MILLERSBURG, Ohio — If a simple picture is worth a thousand words, then a new piece of educational equipment that Holmes Soil and Water has been demonstrating is worth a million! The “Rainfall Simulator” is an unassuming assemblage of sheet metal, pipe and plastic that looks more like a space-age potter’s bench than a teaching tool; but once the “rain” begins to fall eyes widen and the questions and comments begin to fly!
“When we run this demonstration in front of kids it’s an instant lesson,” says HSWCD Water Quality Specialist Joe Christner. “They immediately see the difference between run-off and infiltration.”
When agricultural producers watch the rainfall simulator an even greater lesson can hit home. The simulator spreads “rainfall” by uniformly spraying across five different, side-by-side examples of ground cover. The samples, taken from local fields, each represent a different management practice. Clear collection jars beneath each sample show the amount and clarity of both run-off water and water that has infiltrated into the soil. Alongside a sample from a conventionally tilled field you’ll find one from a long-term no-till field. Beyond that you’ll find a sample with a history of cover cropping. Rounding out the set-up are a pair of samples that typically get the most dramatic reaction from farmers.
“The difference in run-off, infiltration and water quality between a well managed pasture and a pasture that has been over-grazed is a real jaw-dropper,” said Christner. “The amount of rainfall absorbed by a well-manage pasture, along with the clarity of the tiny amount that does run-off, are real eye-openers.”
Christner goes on to explain that in addition to more ground cover and a more extensive and diverse underground network of rain-absorbing roots, the well managed pasture sees less continuous foot traffic—an important factor in soil compaction. Compaction limits the ability of roots to penetrate the soil.
“These demos are a great tool to get producers thinking about adopting methods that can reduce run-off and erosion in the near-term,” said Christner. “At the same time, making even small changes in tillage or management practices can lay the groundwork for increased soil health which can pay long-term, bottom line dividends.”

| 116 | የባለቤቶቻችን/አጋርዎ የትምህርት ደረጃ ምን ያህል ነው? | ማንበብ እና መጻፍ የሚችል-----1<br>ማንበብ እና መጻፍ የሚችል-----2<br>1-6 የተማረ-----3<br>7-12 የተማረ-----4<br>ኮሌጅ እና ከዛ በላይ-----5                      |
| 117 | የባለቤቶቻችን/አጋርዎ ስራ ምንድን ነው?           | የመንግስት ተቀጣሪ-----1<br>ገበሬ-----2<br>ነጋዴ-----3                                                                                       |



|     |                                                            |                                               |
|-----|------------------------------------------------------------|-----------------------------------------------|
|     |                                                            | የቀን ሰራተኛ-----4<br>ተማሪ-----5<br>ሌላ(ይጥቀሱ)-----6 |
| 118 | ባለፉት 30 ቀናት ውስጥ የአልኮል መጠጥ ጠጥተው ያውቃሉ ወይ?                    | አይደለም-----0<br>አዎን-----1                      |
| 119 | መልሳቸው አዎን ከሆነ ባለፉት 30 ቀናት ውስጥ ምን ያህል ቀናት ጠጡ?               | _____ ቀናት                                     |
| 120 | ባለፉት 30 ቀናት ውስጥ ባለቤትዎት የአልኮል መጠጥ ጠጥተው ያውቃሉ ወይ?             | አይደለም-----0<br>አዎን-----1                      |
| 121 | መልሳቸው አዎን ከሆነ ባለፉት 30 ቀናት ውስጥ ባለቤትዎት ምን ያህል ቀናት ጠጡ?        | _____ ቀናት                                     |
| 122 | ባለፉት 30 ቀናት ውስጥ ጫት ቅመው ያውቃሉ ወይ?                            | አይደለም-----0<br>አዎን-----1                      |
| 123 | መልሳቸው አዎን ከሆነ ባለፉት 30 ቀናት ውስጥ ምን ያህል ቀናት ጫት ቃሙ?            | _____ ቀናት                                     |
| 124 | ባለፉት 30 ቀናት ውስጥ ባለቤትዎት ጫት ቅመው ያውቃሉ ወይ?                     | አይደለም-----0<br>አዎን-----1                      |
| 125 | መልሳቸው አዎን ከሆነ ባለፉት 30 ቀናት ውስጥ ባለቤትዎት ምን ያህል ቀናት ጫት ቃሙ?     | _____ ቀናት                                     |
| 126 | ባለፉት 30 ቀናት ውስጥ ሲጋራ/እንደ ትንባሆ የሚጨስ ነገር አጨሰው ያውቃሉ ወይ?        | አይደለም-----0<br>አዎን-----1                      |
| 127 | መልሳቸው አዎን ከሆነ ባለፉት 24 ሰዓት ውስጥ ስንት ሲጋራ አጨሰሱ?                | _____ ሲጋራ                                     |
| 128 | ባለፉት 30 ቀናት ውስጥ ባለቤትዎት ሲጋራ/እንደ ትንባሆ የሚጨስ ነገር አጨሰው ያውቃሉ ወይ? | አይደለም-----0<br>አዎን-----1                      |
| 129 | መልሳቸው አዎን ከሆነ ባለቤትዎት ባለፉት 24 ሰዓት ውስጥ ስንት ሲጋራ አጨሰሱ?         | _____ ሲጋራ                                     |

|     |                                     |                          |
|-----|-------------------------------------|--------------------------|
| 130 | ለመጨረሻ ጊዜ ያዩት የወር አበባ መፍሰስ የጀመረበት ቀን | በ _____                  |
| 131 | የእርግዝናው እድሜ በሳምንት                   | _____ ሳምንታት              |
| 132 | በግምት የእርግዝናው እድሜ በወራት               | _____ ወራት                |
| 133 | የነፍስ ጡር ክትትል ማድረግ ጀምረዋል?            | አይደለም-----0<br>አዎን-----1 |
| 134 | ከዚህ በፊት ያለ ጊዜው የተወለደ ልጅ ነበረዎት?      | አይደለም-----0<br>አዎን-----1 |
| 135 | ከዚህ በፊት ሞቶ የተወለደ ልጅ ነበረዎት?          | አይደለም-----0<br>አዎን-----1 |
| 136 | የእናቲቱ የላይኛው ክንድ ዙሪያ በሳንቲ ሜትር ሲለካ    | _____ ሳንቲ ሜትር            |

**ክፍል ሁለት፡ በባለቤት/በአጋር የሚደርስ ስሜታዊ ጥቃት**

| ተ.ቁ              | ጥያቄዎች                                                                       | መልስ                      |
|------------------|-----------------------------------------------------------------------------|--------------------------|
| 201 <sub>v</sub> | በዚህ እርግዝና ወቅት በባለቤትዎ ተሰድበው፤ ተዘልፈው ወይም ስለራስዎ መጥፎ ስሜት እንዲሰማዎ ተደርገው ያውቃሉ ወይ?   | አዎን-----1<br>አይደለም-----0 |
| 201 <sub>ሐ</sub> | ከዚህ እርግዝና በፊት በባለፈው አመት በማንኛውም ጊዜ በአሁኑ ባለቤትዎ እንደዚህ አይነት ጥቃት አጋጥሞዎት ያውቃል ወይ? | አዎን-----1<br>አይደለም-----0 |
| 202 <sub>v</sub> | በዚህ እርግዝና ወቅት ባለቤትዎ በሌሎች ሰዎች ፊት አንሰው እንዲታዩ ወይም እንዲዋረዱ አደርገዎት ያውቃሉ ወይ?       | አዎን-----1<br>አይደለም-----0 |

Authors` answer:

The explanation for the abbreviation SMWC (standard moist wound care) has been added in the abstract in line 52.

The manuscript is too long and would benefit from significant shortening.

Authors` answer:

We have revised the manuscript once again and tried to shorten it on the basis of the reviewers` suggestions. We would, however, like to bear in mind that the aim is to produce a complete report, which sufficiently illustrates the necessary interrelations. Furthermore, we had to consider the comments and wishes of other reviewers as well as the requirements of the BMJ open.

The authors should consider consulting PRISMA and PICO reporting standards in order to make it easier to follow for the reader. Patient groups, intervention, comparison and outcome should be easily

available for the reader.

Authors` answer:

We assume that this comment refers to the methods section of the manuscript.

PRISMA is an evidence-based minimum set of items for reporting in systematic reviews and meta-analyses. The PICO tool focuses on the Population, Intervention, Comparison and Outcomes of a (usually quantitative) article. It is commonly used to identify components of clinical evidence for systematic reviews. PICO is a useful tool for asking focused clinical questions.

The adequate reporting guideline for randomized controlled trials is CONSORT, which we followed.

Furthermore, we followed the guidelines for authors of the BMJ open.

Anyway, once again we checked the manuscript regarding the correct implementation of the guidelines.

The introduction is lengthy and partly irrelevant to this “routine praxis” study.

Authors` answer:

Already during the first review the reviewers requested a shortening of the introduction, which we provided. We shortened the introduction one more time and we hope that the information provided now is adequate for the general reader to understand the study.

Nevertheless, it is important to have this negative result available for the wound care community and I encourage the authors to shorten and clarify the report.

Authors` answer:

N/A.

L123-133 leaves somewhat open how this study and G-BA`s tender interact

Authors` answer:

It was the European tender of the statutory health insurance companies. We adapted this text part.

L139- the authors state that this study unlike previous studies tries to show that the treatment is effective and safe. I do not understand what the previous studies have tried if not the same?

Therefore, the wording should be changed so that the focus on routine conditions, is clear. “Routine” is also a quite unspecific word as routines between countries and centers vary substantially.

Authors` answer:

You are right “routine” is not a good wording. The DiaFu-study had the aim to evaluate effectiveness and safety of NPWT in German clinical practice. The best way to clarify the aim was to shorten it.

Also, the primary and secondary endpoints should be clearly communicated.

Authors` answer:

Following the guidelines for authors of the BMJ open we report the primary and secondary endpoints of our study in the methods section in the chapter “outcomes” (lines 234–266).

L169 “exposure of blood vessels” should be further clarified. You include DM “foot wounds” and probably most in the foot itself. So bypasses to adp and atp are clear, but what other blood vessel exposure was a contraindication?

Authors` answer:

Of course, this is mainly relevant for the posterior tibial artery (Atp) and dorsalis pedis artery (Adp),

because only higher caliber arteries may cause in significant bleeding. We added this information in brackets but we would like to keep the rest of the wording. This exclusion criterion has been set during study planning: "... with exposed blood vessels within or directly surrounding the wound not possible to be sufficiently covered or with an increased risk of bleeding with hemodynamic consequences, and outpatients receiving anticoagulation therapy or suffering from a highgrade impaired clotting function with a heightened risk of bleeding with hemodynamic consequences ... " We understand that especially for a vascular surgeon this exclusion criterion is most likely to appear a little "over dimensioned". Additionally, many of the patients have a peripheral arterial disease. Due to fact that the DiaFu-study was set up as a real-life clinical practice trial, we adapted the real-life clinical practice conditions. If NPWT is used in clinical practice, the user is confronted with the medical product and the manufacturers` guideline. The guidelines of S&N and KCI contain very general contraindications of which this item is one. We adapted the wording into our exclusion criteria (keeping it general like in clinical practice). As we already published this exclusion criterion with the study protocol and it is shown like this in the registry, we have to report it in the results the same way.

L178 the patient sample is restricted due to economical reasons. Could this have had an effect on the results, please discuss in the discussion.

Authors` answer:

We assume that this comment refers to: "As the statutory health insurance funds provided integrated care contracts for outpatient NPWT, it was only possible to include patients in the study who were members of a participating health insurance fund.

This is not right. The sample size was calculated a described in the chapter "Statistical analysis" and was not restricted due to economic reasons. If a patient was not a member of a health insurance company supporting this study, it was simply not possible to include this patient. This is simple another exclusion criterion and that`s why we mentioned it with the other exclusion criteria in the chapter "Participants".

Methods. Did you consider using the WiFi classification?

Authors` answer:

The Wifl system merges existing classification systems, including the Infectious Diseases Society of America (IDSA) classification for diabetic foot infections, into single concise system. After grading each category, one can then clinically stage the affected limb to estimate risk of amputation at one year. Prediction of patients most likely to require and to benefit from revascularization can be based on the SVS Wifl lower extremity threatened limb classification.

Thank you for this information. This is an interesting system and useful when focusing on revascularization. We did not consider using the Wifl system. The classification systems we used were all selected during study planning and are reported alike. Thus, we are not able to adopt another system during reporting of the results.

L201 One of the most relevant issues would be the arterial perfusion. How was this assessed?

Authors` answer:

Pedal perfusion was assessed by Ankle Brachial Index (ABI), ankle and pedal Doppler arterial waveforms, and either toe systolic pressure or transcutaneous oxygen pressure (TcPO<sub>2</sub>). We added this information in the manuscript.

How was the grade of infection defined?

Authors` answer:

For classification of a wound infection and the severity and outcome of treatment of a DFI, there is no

Soil health has become an area of increasing focus over the past several years. Healthy soils—those with abundant microbial activity and substantial soil organic matter—not only decrease run-off volume through infiltration, but they also sequester more carbon from the atmosphere. Pollinators and wildlife benefit from healthy soils as well. As rainfall events grow in intensity, more attention is being paid to the ability of healthy soils to help manage increased volumes of stormwater. For the producer, healthy soils can mean better yields with fewer inputs.
Funded partially by a grant from the Muskingum Watershed Conservancy District, the balance of the cost of the rainfall simulator was shared among several Soil and Water Conservation Districts in the region. This partnership allows the unit to be available for demonstrations throughout southeastern Ohio for events like county fairs, agricultural field days, farm tours and school science programs. If you’re planning an event where a demonstration would be appropriate, please give Holmes Soil and Water a call at 330-674-2811 or email us at email@example.com. You can find more information on the rainfall simulator along with plenty of photos on our website www.holmesSWCD.com and be sure to visit and “like” our Facebook page at “Holmes Soil & Water Conservation District.”
— John Lorson, District Technician, Holmes Soil and Water Conservation District
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